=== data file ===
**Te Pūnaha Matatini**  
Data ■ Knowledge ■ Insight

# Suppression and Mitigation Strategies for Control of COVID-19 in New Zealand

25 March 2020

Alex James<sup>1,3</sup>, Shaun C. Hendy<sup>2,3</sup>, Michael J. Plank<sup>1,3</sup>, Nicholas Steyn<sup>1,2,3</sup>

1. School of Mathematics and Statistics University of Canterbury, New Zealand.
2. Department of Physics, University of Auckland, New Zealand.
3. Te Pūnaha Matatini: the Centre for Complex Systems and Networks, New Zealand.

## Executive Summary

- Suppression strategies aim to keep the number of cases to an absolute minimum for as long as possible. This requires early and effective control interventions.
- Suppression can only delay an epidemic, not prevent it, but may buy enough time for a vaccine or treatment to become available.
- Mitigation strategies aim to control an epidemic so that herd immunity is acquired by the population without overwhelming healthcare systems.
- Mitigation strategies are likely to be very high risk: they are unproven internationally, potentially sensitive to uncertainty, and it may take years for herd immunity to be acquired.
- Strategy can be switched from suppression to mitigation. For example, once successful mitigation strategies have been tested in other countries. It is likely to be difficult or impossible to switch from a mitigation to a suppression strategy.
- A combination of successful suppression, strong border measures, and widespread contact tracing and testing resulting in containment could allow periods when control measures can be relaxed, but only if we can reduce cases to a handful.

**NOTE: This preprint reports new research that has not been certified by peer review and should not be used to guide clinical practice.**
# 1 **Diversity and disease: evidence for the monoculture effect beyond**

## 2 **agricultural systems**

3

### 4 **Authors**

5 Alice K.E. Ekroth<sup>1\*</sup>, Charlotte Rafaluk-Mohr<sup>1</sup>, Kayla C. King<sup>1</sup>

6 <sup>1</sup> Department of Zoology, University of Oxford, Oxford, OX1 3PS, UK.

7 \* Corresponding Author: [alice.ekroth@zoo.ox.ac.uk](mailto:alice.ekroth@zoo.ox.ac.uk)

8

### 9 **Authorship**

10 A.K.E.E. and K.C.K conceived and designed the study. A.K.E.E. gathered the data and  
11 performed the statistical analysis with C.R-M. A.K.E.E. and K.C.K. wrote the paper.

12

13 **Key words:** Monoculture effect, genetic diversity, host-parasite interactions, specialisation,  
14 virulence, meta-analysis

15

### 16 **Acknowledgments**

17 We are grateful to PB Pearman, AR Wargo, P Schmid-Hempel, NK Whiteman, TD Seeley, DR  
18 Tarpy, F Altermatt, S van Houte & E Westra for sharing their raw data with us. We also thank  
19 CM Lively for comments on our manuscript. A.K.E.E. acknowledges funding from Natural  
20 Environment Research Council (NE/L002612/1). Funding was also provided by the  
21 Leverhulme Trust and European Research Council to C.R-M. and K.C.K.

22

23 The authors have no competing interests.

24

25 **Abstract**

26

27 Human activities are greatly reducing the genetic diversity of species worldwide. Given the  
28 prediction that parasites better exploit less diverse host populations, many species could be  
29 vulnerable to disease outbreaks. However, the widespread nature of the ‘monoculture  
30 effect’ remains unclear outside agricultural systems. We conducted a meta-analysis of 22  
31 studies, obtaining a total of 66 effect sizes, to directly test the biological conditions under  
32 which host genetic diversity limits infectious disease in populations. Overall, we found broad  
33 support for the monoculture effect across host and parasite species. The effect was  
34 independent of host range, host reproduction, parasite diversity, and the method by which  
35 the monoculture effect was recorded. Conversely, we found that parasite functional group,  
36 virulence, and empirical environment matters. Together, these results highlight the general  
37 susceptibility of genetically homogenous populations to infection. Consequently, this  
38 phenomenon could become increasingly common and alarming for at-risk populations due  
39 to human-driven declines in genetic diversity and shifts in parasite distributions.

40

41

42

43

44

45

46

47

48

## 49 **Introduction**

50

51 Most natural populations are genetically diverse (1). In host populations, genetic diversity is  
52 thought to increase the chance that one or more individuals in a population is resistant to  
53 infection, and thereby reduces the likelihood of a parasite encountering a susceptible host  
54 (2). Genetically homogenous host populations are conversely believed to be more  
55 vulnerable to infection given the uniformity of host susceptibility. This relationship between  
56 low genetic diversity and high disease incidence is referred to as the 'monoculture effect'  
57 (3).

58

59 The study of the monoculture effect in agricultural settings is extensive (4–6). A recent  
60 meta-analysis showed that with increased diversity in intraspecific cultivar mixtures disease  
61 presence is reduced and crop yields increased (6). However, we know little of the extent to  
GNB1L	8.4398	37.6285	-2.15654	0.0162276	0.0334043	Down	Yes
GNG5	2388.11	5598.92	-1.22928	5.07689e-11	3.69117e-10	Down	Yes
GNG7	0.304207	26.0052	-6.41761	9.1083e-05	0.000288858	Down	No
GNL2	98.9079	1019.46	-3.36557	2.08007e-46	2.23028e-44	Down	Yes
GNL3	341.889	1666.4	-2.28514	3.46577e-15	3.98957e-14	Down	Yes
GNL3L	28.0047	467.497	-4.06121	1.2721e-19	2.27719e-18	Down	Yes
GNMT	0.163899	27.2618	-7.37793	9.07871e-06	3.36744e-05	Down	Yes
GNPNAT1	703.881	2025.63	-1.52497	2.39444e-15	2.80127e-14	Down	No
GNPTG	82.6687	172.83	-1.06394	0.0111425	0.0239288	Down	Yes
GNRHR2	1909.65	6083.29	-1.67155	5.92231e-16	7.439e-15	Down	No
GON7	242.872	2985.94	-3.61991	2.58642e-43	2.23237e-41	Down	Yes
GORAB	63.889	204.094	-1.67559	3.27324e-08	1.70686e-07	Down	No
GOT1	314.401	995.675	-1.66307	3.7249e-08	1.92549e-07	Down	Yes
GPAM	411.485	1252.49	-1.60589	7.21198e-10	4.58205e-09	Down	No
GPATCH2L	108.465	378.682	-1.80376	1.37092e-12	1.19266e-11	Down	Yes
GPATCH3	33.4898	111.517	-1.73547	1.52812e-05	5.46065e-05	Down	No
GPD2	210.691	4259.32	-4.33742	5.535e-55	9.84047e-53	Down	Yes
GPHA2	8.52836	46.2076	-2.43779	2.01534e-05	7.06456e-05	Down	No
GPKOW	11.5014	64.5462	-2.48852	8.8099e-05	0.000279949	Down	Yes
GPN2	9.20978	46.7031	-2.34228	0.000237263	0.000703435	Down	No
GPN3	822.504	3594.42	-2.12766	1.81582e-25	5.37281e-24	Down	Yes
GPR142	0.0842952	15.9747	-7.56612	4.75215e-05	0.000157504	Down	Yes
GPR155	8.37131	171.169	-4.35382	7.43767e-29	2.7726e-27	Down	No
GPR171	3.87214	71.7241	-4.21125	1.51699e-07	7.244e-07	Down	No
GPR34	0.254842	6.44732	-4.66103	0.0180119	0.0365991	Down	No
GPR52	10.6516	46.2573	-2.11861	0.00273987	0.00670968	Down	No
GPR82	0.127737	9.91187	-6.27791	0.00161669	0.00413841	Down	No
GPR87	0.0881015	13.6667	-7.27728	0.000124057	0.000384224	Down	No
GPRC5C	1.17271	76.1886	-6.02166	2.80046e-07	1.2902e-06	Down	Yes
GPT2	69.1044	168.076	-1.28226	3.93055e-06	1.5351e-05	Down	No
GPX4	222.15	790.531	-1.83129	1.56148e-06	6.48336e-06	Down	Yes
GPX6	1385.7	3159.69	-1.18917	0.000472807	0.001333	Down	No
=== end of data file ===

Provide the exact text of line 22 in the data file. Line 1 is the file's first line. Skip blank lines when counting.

6 <sup>1</sup> Department of Zoology, University of Oxford, Oxford, OX1 3PS, UK.